When the year was up, I went back into the inactive ready reserve. I was given an honorable discharge when I left active-duty service. I never received any negative or disciplinary action, I was protected. I was able to use my Montgomery G.I. bill to get a Bachelor’s degree in Business Administration with a major in Business Economics. Because of the mistakes I made the first time I went to college, I couldn’t get my GPA up very high, even though my grades post-Army were A’s and B’s. The Montgomery G.I. bill was a huge help to me and enabled me to finish my degree.

Jeff and I’s marriage fell apart during college. He was med-evaced out of Iraq for severe mental illness and PTSD. He was medically retired from the Army and became abusive and turned to alcohol. I divorced him, and was left as a single mother and full-time college student. I would take Isabelle with me to the library and study groups when she was a toddler. I would bring her toys, dolls coloring books and would pray she would be quiet enough. It all worked out and I managed to finish. Jeff also sobered up, and after several medicinal changes, started to improve. He will always have those issues, but the right medicine makes a world of difference.

Unfortunately when I graduated in December of 2009, the economy still kind of sucked. Very few people that graduated with me had jobs waiting for them. I worked a few office temp jobs. Jeff thought I should have gone into nursing, but I don’t know. After I quit the few temp jobs I was able to get, I was told that is the kiss of death. I am supposed to stay at job and be miserable, but that is a road that I do not want to travel. No other jobs came around, even a part time job at McDonalds. I am not on speaking terms with family; let’s just say I grew up in a really bad home. So I have been on my own. Jeff and I moved in back together and have been living together ever since. He supports me and Isabelle and said that he would pay for my student loans. He has been sober and been apologizing for his actions back in the day. He even asked me to re-marry him- we will see. In the meantime I am a well-educated stay-at-home mom, and Isabelle is homeschooled. She has some special needs and had some troubles at school.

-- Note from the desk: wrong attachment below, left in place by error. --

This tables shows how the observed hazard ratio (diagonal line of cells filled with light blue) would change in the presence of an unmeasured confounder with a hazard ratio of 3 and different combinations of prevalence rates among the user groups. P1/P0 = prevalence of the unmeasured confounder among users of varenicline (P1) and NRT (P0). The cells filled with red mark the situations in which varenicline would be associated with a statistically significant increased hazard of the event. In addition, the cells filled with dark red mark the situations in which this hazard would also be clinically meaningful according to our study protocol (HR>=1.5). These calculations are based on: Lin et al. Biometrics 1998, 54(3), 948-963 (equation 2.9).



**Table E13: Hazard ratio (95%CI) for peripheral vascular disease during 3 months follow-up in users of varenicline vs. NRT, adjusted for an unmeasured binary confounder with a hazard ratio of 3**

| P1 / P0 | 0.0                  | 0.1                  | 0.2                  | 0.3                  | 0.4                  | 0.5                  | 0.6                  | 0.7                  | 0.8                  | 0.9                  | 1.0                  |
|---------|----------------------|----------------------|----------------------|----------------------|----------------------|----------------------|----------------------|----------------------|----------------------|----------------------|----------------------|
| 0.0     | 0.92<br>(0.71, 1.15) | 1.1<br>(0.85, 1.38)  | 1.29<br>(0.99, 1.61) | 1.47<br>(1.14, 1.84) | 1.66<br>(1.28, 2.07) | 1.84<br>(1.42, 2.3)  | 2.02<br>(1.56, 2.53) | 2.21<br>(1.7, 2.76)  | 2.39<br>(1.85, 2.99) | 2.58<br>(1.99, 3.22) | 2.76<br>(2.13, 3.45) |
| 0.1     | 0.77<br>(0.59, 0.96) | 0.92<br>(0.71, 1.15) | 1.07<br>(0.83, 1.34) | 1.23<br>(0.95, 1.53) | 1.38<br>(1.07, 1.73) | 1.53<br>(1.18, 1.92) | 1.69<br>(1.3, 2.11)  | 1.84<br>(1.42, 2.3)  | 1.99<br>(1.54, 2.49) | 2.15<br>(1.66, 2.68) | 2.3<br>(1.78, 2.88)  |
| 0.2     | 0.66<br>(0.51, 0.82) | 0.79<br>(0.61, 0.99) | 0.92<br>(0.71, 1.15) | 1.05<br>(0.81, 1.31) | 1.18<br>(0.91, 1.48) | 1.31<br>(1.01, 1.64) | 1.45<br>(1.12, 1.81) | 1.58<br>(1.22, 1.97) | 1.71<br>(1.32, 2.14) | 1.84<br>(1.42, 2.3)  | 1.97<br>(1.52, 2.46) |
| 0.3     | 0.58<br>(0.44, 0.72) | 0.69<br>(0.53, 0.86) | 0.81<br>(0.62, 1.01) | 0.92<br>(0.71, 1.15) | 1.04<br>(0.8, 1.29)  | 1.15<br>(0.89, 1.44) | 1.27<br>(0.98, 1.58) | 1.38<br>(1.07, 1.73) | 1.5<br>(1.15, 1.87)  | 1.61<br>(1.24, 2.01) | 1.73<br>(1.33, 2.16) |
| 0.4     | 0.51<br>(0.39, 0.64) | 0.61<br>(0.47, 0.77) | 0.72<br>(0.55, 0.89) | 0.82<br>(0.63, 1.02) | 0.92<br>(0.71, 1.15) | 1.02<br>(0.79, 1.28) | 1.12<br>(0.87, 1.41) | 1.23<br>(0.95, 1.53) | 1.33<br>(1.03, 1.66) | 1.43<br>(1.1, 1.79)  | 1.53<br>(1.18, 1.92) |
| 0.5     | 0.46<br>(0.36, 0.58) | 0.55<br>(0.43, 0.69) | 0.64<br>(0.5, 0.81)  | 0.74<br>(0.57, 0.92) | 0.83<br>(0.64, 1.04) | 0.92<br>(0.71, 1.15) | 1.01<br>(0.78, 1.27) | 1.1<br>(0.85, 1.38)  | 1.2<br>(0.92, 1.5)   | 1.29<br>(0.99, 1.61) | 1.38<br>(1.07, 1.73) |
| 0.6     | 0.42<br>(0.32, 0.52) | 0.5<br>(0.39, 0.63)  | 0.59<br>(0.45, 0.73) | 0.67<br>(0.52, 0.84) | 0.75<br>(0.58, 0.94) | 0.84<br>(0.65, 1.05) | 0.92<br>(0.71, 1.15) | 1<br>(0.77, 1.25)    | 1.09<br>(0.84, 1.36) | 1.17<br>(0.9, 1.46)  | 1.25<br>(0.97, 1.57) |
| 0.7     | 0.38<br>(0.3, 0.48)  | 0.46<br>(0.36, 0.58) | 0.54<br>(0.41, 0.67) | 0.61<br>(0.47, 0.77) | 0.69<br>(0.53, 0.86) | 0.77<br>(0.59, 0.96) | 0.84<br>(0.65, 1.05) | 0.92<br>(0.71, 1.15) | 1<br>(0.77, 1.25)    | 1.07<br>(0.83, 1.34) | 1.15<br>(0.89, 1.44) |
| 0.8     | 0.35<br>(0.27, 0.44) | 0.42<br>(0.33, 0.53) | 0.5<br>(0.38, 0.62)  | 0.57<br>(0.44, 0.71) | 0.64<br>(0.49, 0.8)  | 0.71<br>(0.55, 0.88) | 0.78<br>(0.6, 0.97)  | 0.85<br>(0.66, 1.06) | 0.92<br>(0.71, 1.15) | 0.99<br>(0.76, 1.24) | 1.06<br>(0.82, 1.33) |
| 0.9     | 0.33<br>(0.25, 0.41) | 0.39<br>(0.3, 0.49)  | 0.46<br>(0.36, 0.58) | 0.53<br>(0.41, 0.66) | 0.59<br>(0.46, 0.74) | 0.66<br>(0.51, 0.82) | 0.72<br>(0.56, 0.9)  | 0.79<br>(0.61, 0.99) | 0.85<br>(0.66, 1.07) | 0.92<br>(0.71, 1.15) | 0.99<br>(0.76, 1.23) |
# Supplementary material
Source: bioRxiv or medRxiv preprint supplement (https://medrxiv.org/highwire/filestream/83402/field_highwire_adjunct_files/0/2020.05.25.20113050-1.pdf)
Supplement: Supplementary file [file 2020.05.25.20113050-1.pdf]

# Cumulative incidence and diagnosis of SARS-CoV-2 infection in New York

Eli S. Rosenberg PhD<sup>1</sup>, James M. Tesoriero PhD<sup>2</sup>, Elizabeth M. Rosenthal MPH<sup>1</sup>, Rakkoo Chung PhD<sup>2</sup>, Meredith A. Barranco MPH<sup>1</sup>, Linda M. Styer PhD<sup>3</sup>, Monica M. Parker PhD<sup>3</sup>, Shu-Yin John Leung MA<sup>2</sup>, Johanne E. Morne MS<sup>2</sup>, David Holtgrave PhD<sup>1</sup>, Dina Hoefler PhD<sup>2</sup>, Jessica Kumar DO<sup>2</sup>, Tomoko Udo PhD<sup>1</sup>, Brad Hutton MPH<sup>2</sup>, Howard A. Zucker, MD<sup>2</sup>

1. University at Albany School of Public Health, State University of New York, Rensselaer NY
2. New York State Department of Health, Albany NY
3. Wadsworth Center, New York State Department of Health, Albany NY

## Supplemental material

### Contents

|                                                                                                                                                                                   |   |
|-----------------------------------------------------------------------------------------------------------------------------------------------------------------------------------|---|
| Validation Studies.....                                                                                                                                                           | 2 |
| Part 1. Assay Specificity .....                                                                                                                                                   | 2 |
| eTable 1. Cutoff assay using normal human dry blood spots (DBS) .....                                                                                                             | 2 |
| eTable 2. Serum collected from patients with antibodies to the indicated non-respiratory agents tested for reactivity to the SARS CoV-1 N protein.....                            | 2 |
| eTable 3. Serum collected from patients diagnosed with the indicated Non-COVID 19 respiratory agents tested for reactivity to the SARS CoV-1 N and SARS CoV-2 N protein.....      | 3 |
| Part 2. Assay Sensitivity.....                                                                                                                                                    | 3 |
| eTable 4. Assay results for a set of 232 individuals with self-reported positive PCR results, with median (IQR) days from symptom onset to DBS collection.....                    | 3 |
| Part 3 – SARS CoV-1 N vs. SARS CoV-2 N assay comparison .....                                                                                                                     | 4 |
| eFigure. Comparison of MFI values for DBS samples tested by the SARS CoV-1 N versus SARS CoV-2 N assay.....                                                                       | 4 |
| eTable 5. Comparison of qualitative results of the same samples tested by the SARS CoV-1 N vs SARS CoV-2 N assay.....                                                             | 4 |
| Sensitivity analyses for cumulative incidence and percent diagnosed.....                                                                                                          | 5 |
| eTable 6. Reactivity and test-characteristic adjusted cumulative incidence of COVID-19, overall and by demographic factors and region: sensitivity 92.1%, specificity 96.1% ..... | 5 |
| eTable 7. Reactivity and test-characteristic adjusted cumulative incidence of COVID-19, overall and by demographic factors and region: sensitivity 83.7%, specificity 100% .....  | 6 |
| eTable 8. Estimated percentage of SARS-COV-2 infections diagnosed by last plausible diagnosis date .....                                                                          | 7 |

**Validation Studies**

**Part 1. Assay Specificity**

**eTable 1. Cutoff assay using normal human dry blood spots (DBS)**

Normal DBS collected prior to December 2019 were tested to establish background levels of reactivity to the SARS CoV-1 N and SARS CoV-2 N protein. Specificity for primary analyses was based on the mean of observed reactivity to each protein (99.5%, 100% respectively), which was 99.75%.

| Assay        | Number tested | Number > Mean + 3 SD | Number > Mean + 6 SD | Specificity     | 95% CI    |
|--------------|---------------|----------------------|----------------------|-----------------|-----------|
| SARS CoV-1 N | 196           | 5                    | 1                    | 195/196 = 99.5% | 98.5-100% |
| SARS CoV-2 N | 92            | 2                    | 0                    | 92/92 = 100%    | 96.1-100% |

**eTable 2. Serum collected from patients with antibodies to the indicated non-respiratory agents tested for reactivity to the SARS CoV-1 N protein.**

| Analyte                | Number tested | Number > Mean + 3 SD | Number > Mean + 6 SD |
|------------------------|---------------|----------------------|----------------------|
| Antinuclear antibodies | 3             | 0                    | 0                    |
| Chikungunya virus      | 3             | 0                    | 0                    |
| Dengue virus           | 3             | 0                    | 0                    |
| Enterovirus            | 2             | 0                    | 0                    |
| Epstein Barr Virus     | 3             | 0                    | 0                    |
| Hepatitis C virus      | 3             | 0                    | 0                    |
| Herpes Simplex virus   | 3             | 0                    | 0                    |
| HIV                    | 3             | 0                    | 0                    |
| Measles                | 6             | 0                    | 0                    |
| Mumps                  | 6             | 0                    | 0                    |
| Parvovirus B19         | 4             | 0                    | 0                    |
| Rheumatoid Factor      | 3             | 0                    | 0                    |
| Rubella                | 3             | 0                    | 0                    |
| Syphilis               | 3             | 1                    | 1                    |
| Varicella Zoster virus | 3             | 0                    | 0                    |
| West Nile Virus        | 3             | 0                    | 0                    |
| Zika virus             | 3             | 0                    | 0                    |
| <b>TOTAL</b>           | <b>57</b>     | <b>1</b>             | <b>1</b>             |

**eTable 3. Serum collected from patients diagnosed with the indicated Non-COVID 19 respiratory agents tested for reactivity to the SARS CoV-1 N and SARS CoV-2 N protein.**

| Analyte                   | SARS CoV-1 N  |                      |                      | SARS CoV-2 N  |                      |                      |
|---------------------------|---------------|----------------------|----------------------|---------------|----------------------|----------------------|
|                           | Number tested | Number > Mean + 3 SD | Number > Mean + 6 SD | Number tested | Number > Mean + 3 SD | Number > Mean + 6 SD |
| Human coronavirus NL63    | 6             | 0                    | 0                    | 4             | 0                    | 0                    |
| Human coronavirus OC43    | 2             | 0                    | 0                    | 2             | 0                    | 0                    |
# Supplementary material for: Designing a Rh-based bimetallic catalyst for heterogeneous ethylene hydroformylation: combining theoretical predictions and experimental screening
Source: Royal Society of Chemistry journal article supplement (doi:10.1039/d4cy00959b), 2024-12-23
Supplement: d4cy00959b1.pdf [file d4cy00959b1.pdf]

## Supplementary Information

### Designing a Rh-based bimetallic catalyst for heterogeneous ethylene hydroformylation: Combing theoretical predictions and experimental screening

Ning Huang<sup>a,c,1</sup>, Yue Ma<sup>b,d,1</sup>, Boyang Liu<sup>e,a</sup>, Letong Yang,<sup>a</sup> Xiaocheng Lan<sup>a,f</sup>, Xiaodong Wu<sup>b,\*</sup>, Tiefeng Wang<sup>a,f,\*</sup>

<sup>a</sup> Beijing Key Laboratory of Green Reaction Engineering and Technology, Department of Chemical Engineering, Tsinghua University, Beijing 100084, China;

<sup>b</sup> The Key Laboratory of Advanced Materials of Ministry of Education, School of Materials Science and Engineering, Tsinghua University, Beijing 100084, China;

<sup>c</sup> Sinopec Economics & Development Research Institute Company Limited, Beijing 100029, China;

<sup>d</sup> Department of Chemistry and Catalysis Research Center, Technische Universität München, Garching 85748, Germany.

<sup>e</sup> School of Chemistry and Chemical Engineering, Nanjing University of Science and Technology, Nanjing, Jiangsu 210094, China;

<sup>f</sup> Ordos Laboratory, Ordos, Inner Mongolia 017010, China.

I still wonder if Ares is mad at me for leaving the military. It was the one section that was horrible but everyone else was great. Given Isabelle’s special needs and Jeff’s issues and my lack of family, the all-important question of if I had stayed in, was who would have taken care of Isabelle? There really is no one to take care of her besides me. As much as he has improved, Jeff was pretty dangerous at one point; he can’t be a sole parent while I go off to war. His family is also questionable, plus whether or not we even get re-married or completely reconcile is questionable too. We still have some things to work on.

I really have a great desire to serve Ares, I worship him in all his aspects, and to do anything otherwise would be dishonorable. I realize how truly frightening as a God; He can be, and I still love and worship Him. To give back to Him in some way, for saving me, protecting me, and giving me that fighting spirit all those years that I desperately needed it. At the moment I am trying to learn a dance to do for Him. I don’t dance, ever, I just don’t, but I thought for him I could worship Him through dance. I work hard, trying to perform a beautiful dance for him, write prayers, and I burn incense for him daily, but I feel like it is not enough. I want to do so much more and I hope my actions don’t disappoint him in any way, and I want to make Him happy and proud to be called His devotee. I feel like He wants me to work with other veterans who have lost their way. I really did like being with war veterans; maybe if I couldn’t go to war with them, then I can help love and heal them. I have to really have a passion for what I am doing, but I get criticized for not staying at the horrible office jobs. It’s funny because I wanted an office job for years and when I finally got one, I didn’t want it.

People always want you to keep your head down, and do as your told, and shut up about it. Although I love and value discipline and structure and order, I won’t be silenced. If I see something wrong, I will always say something. I will do it in a professional and civil manner, but I will always speak up, especially for those who are weak, because I know what it is like to be alone and scared and not have anyone speak up for you. Whatever I do next in life, I want it to be in service to Ares. I hope and pray that He will give a chance to serve Him.

2 comments on “A Vet’s Story

  1. Apollodorosh says:

    I don’t think Arēs is mad at you (the person who shared her story here) for leaving the military. Arēs is also a God who is very caring and protective of his relatives, and it sounds like you need to be, in regards to your daughter. You’ll have it hard enough fighting for her, without needing a military career to make that even harder. May Arēs smile upon you.